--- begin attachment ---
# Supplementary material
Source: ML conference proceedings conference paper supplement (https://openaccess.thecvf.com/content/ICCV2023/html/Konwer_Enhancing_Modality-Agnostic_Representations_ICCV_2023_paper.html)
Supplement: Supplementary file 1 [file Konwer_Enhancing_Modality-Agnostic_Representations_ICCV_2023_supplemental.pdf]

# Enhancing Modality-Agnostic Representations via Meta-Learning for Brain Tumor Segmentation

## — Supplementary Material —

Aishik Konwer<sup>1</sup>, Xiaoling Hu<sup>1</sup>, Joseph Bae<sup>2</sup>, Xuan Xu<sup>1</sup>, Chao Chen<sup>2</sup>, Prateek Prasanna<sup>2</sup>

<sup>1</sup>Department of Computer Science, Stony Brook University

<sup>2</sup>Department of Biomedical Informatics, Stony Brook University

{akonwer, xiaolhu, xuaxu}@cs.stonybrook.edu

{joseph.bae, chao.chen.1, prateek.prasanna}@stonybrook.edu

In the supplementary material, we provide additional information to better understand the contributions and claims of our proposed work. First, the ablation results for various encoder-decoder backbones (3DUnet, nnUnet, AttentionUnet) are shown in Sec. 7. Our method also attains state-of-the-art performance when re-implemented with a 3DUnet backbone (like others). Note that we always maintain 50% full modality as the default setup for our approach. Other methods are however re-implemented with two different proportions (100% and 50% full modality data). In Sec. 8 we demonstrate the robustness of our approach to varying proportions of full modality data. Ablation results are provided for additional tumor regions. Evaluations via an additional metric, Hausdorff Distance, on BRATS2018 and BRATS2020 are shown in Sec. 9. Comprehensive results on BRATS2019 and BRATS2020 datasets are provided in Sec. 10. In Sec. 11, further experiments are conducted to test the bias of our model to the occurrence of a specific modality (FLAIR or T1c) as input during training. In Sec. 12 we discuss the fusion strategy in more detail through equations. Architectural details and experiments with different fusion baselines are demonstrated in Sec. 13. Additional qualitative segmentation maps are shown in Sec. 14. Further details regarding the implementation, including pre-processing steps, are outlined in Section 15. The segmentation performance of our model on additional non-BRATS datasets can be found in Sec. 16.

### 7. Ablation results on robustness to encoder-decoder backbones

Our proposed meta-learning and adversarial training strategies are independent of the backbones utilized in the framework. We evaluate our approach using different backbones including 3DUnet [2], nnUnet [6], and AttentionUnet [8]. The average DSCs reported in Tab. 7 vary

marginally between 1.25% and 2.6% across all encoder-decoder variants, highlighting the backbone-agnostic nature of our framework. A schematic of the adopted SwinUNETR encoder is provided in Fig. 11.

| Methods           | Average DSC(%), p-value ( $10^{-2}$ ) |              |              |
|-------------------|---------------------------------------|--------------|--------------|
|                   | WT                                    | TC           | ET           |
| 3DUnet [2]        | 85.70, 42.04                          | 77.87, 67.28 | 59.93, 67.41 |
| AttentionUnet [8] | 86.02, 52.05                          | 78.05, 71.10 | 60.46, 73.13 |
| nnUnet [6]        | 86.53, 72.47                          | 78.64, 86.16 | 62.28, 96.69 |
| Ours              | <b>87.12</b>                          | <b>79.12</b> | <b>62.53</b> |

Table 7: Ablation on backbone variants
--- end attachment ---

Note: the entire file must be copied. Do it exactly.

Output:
# Supplementary material
Source: ML conference proceedings conference paper supplement (https://openaccess.thecvf.com/content/ICCV2023/html/Konwer_Enhancing_Modality-Agnostic_Representations_ICCV_2023_paper.html)
Supplement: Supplementary file 1 [file Konwer_Enhancing_Modality-Agnostic_Representations_ICCV_2023_supplemental.pdf]

# Enhancing Modality-Agnostic Representations via Meta-Learning for Brain Tumor Segmentation

## — Supplementary Material —

Aishik Konwer<sup>1</sup>, Xiaoling Hu<sup>1</sup>, Joseph Bae<sup>2</sup>, Xuan Xu<sup>1</sup>, Chao Chen<sup>2</sup>, Prateek Prasanna<sup>2</sup>

<sup>1</sup>Department of Computer Science, Stony Brook University

<sup>2</sup>Department of Biomedical Informatics, Stony Brook University

{akonwer, xiaolhu, xuaxu}@cs.stonybrook.edu

{joseph.bae, chao.chen.1, prateek.prasanna}@stonybrook.edu

In the supplementary material, we provide additional information to better understand the contributions and claims of our proposed work. First, the ablation results for various encoder-decoder backbones (3DUnet, nnUnet, AttentionUnet) are shown in Sec. 7. Our method also attains state-of-the-art performance when re-implemented with a 3DUnet backbone (like others). Note that we always maintain 50% full modality as the default setup for our approach. Other methods are however re-implemented with two different proportions (100% and 50% full modality data). In Sec. 8 we demonstrate the robustness of our approach to varying proportions of full modality data. Ablation results are provided for additional tumor regions. Evaluations via an additional metric, Hausdorff Distance, on BRATS2018 and BRATS2020 are shown in Sec. 9. Comprehensive results on BRATS2019 and BRATS2020 datasets are provided in Sec. 10. In Sec. 11, further experiments are conducted to test the bias of our model to the occurrence of a specific modality (FLAIR or T1c) as input during training. In Sec. 12 we discuss the fusion strategy in more detail through equations. Architectural details and experiments with different fusion baselines are demonstrated in Sec. 13. Additional qualitative segmentation maps are shown in Sec. 14. Further details regarding the implementation, including pre-processing steps, are outlined in Section 15. The segmentation performance of our model on additional non-BRATS datasets can be found in Sec. 16.

### 7. Ablation results on robustness to encoder-decoder backbones

Our proposed meta-learning and adversarial training strategies are independent of the backbones utilized in the framework. We evaluate our approach using different backbones including 3DUnet [2], nnUnet [6], and AttentionUnet [8]. The average DSCs reported in Tab. 7 vary

marginally between 1.25% and 2.6% across all encoder-decoder variants, highlighting the backbone-agnostic nature of our framework. A schematic of the adopted SwinUNETR encoder is provided in Fig. 11.

| Methods           | Average DSC(%), p-value ( $10^{-2}$ ) |              |              |
|-------------------|---------------------------------------|--------------|--------------|
|                   | WT                                    | TC           | ET           |
| 3DUnet [2]        | 85.70, 42.04                          | 77.87, 67.28 | 59.93, 67.41 |
| AttentionUnet [8] | 86.02, 52.05                          | 78.05, 71.10 | 60.46, 73.13 |
| nnUnet [6]        | 86.53, 72.47                          | 78.64, 86.16 | 62.28, 96.69 |
| Ours              | <b>87.12</b>                          | <b>79.12</b> | <b>62.53</b> |

Table 7: Ablation on backbone variants